Transformation of the Automotive Industry by Connected Manufacturing

The current state of the UK automotive industry is extremely healthy, with vehicle manufacturing at its highest level since 2005. Vehicles built in the UK now have 15% more UK content than they did in 2012.

However, there are dramatic changes happening in the industry. Cleaner, safer and more efficient and technologically advanced vehicles are being developed . The main objective of the UK automotive industry is that it must remain globally competitive.

The opportunity presented by Connected Manufacturing, is to reduce manufacturing costs and respond more effectively to customer demand. This will as a result, help UK automotive manufacturers remain globally competitive.

Globally, the automotive industry is prioritising digitalisation with initiatives underway in Germany, Japan and the USA. On average the UK’s vehicle plants are the most productive in Europe. For this reason, the UK will need to embrace Connected Manufacturing to maintain and improve on this.

Many UK vehicle manufacturers are only initiating pilot projects so far. A lot of SME suppliers are not embarking on any connected manufacturing projects. Manufacturers and suppliers are predicting substantial benefits from connected manufacturing including; shorter lead time, productivity gains and more customised vehicles. However, lack of knowledge and skills to implement connected manufacturing are causing key barriers to entry for many companies.

Technology is Accelerating Change in the Fourth Industrial Revolution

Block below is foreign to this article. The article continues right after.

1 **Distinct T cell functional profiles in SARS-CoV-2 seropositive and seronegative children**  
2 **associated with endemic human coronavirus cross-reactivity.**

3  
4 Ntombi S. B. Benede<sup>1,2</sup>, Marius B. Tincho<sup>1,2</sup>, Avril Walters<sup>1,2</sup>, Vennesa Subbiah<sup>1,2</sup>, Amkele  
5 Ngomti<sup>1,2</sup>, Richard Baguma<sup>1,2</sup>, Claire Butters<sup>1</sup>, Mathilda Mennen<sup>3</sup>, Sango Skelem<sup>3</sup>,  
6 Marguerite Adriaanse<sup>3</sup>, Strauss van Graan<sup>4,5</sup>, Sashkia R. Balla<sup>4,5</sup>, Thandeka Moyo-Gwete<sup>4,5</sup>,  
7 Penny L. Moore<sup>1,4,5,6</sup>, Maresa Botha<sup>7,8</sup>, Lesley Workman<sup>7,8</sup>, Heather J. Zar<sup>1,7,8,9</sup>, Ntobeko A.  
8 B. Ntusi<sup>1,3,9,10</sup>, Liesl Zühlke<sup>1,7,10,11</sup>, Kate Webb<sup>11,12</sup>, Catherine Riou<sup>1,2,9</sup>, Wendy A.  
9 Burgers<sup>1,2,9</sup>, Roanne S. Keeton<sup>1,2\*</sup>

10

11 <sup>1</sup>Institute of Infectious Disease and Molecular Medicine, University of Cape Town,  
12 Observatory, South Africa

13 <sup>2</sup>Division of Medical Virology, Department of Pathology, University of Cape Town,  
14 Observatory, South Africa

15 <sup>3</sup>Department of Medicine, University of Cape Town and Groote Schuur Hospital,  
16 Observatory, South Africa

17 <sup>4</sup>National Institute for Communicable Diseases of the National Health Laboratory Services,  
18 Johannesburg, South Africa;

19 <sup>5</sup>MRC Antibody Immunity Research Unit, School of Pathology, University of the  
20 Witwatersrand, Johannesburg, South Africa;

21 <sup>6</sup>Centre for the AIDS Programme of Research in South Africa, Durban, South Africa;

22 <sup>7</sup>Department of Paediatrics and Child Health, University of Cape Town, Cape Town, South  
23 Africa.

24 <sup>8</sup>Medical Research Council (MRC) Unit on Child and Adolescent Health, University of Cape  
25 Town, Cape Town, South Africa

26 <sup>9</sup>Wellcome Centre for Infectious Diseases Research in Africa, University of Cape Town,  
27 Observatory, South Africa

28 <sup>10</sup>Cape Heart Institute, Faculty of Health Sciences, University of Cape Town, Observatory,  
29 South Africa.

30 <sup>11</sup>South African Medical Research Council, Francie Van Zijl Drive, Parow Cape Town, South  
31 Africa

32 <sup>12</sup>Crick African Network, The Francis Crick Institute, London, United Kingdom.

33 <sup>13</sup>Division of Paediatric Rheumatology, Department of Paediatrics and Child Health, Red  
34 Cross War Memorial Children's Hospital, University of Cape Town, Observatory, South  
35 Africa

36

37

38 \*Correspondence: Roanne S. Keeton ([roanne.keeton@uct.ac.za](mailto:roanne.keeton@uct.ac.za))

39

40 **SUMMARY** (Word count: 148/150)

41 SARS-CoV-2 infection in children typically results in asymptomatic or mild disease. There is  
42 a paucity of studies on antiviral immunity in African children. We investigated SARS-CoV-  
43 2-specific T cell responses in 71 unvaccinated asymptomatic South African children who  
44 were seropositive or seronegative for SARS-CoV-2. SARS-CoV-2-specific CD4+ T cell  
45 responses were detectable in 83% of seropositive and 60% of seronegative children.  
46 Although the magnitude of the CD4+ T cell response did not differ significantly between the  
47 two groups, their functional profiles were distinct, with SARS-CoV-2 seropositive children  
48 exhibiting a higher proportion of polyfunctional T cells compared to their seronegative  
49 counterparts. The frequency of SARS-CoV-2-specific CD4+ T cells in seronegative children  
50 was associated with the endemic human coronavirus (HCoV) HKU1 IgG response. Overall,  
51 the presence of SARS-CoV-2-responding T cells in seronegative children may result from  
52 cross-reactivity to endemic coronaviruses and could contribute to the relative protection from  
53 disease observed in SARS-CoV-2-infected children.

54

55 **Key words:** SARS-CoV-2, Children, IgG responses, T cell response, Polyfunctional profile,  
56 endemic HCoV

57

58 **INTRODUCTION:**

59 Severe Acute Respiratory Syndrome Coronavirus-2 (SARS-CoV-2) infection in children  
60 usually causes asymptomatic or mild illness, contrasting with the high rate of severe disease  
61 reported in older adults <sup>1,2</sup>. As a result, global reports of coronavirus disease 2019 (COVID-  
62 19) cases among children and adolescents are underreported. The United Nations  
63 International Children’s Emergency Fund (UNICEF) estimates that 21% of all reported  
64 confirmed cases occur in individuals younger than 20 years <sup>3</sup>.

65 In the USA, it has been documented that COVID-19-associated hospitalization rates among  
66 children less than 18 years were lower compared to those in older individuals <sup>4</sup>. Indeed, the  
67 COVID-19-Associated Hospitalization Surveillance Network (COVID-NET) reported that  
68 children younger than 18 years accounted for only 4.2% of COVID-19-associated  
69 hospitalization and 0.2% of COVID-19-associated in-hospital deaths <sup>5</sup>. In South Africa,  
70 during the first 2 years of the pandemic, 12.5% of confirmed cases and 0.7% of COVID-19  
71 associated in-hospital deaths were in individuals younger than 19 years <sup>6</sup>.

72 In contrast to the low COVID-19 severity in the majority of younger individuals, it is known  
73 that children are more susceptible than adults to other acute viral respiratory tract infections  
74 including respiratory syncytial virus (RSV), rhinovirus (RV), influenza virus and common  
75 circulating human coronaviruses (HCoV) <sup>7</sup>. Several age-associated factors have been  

Manufacturing processes have been automated for many years, with data being used for analysis and process improvement. However, some key technologies are causing a rapid growth in the use of manufacturing data:

  • Collecting, Storing and Transmitting Data – It is now possible to connect devices and sensors at low costs throughout a factory, using ethernet, Wi Fi and RFID technology. Moreover, these sensors allow a huge amount of data about the manufacturing process to be stored.
  • Analysing Data – Artificial Intelligence and predictive analytics can now be performed on large manufacturing data sets, thus giving insight into manufacturing processes.
  • Interacting with Data – Intuitive interactions can now occur between the physical and digital world, with touchscreens, augmented reality and virtual reality.
  • Producing Digital Organisation – The entire production system can be re-imagined with digital manufacturing technologies like 3D printing, robotics and Manufacturing Execution Systems (MES).